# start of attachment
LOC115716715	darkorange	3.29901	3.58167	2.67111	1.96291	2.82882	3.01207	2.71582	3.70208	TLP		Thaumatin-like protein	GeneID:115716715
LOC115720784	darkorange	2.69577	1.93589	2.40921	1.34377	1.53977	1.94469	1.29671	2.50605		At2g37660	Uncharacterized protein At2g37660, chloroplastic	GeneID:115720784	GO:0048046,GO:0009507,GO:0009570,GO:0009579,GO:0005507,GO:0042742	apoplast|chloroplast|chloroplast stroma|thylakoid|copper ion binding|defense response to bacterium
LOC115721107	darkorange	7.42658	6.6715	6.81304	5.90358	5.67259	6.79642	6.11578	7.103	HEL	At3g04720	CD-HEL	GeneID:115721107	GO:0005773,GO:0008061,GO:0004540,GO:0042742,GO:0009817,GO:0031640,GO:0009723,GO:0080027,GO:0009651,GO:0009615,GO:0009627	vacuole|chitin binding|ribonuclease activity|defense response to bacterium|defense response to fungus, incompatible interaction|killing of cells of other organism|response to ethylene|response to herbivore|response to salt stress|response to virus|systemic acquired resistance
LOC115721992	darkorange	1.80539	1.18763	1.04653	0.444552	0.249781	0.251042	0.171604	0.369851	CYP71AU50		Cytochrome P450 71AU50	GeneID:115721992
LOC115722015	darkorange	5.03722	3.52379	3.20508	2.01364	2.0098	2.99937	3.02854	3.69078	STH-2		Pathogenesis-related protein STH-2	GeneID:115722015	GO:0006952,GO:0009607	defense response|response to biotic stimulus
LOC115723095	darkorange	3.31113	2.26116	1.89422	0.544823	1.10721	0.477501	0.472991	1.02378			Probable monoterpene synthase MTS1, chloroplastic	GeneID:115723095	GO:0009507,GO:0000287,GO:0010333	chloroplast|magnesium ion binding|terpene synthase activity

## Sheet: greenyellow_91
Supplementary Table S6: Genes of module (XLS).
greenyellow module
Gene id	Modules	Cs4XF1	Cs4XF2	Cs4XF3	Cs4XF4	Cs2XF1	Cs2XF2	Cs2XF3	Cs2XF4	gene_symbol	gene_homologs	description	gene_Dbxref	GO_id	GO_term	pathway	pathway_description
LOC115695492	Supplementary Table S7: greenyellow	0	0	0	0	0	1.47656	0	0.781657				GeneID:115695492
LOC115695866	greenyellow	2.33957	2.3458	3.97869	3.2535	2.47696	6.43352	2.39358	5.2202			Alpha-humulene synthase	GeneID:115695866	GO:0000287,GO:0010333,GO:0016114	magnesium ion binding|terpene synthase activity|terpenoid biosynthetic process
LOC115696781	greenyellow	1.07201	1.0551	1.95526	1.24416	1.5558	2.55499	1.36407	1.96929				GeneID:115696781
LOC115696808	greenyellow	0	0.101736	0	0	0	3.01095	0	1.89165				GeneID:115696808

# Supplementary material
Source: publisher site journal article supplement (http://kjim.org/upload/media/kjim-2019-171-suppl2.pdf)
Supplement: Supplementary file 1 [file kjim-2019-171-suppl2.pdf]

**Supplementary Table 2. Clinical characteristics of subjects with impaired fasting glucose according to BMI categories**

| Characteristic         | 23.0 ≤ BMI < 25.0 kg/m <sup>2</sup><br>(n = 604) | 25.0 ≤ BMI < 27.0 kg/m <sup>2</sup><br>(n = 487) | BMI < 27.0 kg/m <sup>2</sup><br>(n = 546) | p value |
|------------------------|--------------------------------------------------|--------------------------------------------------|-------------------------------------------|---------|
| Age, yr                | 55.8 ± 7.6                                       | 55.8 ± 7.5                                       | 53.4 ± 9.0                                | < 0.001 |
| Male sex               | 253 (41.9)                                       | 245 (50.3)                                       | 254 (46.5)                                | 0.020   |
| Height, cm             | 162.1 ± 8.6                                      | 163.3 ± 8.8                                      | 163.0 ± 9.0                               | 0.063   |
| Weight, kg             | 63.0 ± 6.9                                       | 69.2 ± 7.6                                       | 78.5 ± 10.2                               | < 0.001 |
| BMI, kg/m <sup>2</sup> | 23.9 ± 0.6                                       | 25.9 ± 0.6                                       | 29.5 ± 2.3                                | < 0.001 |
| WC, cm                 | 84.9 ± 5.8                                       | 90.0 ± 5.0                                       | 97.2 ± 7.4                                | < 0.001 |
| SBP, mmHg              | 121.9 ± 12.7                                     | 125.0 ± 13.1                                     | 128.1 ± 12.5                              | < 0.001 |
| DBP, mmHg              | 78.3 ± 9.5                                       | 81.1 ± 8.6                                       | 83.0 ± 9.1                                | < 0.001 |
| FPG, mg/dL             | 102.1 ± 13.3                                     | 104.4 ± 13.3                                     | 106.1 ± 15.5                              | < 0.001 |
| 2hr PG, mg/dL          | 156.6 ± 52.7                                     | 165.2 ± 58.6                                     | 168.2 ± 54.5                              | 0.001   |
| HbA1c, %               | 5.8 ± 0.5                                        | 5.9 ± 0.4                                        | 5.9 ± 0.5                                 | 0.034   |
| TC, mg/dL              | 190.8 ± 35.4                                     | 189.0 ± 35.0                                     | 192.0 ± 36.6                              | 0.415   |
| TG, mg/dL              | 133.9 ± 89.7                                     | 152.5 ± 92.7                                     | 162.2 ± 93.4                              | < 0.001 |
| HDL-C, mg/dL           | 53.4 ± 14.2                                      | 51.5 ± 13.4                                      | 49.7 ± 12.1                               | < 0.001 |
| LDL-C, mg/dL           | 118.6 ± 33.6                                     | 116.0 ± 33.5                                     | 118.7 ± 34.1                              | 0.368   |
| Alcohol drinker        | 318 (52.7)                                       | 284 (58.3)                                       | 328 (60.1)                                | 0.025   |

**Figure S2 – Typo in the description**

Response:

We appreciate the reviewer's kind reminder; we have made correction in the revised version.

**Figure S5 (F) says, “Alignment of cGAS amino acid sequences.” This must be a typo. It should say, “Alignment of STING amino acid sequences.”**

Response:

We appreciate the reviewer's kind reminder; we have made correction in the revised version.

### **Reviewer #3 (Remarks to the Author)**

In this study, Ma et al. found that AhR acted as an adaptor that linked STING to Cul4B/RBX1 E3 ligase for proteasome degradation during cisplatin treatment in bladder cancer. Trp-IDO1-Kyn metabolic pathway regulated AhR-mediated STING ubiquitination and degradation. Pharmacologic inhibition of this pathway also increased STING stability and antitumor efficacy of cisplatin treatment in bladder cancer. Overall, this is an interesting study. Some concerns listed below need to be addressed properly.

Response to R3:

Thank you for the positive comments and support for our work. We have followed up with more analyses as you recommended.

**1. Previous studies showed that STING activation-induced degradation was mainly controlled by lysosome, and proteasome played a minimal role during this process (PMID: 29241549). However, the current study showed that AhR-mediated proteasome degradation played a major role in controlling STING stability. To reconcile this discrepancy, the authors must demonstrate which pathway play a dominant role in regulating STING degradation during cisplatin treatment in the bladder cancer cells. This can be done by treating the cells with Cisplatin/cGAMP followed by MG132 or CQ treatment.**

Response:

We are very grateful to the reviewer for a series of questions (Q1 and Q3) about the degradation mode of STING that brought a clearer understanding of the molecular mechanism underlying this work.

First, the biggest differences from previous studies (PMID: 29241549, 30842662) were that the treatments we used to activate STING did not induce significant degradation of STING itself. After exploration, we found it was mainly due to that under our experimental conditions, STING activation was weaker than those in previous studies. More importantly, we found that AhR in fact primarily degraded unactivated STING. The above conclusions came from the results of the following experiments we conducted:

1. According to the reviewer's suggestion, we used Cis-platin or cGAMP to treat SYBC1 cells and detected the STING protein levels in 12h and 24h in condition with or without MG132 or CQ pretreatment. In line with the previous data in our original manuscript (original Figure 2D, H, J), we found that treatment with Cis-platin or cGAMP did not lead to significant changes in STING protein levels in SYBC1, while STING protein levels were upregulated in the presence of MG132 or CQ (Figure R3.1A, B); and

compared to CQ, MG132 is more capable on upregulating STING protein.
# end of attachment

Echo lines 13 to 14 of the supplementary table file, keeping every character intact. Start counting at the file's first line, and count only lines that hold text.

LOC115696781	greenyellow	1.07201	1.0551	1.95526	1.24416	1.5558	2.55499	1.36407	1.96929				GeneID:115696781
LOC115696808	greenyellow	0	0.101736	0	0	0	3.01095	0	1.89165				GeneID:115696808